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Fresh Hell

The best dispatches from our grim new reality


The tech world is already a burrow of shady borrowings, competing patents, and dodgy dot-com schemes, but these iniquities have so far been within the domain of the human. Enter CNET’s AI reporter, which has been found to have plagiarized the work of journalists at competitors Red Ventures and Bankrate—and even its fellow drones at CNET. Factual errors and rephrasing notwithstanding, riveting missives on avoiding overdraft fees and buying gift cards are just the beginning of AI’s scheme to replace the world’s knavish, struggling writer contingent; soon the machine will be wearing blazers to loft parties to secretly tape the parlor wits for its Substack, teaching adjunct classes to the landed gentry for the price of the commute, and manufacturing middlebrow screenplays about their mid-life crises on the side. The age of the flesh-and-blood mediocrity is behind us, the machines have entered the freelance, party-going, Mencken-quoting fray. All hail Robofop, you have the right to remain semi-employed and fancy. 


White Men Can’t Hump

West Virginia, the state John Denver memorably exalted as “almost heaven” and where a judge has ruled that trans kids can be banned from playing sports, six Republicans have proposed what they’re calling the Sexually Oriented Business Regulation Act, which would outlaw any form of sanctioned sex work, while also targeting gay bars, nude model studios, and whatever “sexual encounter centers” means. Is that where you get your passport to Bonerville processed? As usual, the language of the proposed act of unconstitutional censorship outstrips the gnarliest vocabulary of underground erotica in its descriptive prurience. The bill bans the appearance of genitalia in a “discernably turgid state,” defines nudity as “the appearance of a human bare buttock, anus, anal cleft or cleavage, pubic area, male genitals, female genitals or vulva,” seems foggy about the exact placement of the areola, and classifies sex acts as “normal or perverted, actual or simulated, including intercourse, oral copulation or sodomy,” while maintaining that all of these are bad. It seems fairly certain that without pornography, the lawmakers in question wouldn’t know how sex even works, but if it’s dicks they want to police, they might start with the tool in the mirror.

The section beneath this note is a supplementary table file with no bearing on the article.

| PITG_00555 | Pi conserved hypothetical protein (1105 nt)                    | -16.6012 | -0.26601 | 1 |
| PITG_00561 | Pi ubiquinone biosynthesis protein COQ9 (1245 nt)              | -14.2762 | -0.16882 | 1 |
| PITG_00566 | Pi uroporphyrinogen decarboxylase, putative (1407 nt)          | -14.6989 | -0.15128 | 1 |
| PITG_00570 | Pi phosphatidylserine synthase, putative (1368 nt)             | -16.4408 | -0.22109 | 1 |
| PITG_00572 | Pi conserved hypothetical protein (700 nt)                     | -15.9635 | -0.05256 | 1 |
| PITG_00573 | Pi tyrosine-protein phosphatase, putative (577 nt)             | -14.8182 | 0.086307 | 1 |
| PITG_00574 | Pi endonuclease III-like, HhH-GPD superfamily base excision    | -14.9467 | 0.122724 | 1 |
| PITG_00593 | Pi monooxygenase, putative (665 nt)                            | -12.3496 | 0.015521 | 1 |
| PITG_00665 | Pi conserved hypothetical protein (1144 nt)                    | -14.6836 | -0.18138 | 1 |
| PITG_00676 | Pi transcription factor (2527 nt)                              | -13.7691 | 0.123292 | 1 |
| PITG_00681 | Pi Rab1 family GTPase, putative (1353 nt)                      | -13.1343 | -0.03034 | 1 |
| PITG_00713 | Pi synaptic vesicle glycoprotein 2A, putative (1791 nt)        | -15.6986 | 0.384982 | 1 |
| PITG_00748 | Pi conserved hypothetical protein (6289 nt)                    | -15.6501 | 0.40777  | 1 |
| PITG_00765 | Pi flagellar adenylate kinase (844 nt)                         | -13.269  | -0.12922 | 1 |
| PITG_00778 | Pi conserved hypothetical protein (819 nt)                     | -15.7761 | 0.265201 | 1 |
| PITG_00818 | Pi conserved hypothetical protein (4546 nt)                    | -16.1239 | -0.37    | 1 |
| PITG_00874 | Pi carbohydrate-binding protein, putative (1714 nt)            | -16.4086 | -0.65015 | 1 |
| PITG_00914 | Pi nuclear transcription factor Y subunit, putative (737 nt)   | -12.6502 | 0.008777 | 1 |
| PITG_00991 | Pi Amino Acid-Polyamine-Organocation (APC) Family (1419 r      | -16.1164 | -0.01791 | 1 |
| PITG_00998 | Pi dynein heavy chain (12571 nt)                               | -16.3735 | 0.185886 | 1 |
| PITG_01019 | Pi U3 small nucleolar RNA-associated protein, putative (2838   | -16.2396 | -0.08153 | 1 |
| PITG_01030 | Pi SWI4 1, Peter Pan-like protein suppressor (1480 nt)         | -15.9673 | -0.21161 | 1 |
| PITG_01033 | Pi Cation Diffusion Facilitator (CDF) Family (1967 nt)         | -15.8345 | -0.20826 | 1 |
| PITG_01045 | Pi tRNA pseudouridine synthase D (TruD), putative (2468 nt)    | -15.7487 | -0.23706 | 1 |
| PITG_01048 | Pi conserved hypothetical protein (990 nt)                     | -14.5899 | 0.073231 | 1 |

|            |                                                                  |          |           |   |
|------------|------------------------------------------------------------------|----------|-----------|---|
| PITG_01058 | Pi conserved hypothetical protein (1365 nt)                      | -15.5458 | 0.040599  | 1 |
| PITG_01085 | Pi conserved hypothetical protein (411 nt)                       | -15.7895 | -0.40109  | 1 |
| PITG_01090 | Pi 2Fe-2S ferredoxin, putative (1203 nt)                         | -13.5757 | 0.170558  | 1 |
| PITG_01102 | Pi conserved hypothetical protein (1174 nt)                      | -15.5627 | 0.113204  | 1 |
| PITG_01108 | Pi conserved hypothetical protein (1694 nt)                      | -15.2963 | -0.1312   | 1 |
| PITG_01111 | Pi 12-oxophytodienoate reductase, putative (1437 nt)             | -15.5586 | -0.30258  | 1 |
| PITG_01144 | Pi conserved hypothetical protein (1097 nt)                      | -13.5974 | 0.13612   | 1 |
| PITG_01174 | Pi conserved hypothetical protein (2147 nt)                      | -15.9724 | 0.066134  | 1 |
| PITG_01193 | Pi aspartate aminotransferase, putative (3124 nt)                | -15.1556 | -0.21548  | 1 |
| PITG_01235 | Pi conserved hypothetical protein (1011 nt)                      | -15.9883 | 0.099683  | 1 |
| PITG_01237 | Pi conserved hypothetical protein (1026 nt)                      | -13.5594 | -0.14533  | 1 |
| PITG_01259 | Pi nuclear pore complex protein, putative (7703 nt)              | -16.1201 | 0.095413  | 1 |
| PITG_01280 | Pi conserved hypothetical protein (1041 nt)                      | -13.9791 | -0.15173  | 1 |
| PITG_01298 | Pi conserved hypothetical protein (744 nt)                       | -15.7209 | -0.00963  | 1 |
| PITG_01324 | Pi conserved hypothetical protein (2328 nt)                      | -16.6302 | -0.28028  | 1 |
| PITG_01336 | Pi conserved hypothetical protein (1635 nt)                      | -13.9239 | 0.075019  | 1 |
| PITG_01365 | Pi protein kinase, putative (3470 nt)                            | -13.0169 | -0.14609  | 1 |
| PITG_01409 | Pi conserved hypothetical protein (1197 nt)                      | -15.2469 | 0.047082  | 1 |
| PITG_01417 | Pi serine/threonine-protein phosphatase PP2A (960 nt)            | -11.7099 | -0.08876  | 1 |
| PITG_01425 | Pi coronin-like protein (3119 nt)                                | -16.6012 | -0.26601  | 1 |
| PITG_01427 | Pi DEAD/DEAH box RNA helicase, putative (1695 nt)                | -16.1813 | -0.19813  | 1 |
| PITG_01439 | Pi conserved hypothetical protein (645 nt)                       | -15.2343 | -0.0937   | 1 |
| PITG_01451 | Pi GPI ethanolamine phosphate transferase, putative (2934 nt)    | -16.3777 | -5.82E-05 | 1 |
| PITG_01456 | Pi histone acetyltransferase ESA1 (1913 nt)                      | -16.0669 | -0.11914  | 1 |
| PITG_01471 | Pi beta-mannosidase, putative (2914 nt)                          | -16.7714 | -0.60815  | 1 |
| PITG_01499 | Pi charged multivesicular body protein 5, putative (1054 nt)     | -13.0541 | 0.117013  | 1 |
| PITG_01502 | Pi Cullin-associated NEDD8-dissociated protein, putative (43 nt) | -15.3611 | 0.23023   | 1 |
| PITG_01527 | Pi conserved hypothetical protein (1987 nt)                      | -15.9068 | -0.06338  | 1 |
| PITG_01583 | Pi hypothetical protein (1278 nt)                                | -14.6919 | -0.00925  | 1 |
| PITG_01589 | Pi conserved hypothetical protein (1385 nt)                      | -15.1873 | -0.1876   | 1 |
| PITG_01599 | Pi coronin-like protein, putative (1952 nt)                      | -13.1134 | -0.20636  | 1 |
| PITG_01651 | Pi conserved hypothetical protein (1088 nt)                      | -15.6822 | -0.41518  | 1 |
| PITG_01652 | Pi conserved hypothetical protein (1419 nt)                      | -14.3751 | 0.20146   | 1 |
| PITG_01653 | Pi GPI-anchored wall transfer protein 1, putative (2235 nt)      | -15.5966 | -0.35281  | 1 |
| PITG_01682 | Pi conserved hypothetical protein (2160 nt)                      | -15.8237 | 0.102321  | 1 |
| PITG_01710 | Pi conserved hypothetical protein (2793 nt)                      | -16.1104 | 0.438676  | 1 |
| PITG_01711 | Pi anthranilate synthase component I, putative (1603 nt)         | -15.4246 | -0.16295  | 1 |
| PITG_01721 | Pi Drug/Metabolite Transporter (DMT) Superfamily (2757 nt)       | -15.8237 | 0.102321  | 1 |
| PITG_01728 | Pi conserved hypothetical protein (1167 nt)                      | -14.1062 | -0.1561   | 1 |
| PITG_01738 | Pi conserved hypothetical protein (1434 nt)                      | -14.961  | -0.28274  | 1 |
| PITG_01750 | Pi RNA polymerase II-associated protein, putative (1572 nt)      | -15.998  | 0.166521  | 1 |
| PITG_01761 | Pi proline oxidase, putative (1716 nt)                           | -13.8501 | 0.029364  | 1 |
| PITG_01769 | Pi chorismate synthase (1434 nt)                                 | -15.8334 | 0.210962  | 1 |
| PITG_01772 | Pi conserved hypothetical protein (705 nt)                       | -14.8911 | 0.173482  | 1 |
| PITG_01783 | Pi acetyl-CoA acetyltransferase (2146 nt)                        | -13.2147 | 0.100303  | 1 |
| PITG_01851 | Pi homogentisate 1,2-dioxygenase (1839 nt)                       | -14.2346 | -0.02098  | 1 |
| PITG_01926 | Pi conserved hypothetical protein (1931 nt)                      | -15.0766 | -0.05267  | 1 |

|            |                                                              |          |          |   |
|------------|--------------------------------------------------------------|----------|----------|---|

Lament Horizon

Scientists in the Netherlands have defied the skein of unknowing that keeps us safe from the ravages of the universe by simulating a black hole that emits Hawking radiation, or the particles produced by the rupture of spacetimes. Technobabble aside, what this means is that we are about to accidentally open the door to a parallel reality and confront our dark matter selves, who will likely replace us en masse while imprisoning the originals in the Phantom Zone. Also in hole news, Florida firefighters recently recused a local woman from a storm drain for the third time in three months. It’s not a cry for help, it’s a talent for scooching, and if we need a volunteer to bravely step into the black hole and leave behind the worlds of Euclidean geometry and self-preservation, we may have just found our internet.


Jingle Cells

AP News reports that a precocious tot of Cumberland, Rhode Island, unwilling to consign the yuletide trespass of Kris Kringle to the realm of sugar plums, sent partially eaten cookies and nibbled carrot sticks to the Rhode Island Department of Health to obtain DNA proof of Santa Claus. The results were inconclusive pending further substantiated encounters with the jolly elf, but it’s a slippery slope—or lubricated chimney stack—if you happen to be naughty and DNA-testing instead turns up the cellular leavings of Krampus, the sixteenth-century Alpine demon who punishes children with birch rods and carts them off to Hell. Budding forensicists beware: there are horrors in store for the unwary that no Hallmark card can conceive or Advent calendar enumerate.


Critique of Pure Buttinsky

A moral philosopher at Christ’s College, Cambridge has published a paper in defense of “revelatory autonomy” and counsels busybodies and fussbudgets to adhere to “a moral duty . . . not to interfere” in the self-authorship of others as they consider having children, taking jobs, or applying to grad school. This is the most articulate and scholarly invective against meddling in your friends’ beeswax on the books, a lively rejoinder to Nosey Parkers, Paul Prys, and Bertolt Buttinskys, a perfectly nice, peer-reviewed way to discourage your besties from advising you on your life choices based on something they read in Cosmo or Men’s Health. Small decisions are the bricks on the road to self-mastery. Sometimes self-determination begins with getting the cheapest thing on the wine list despite your cohort’s vigorous defense of Moscato; go ahead, swipe right on the dude posing with a vintage poster of Sorority Babes in the Slimeball Bowl-O-Rama even if your friend prefers Bergman; bad taste is its own earthly reward, but backset drivers are on a highway to hell.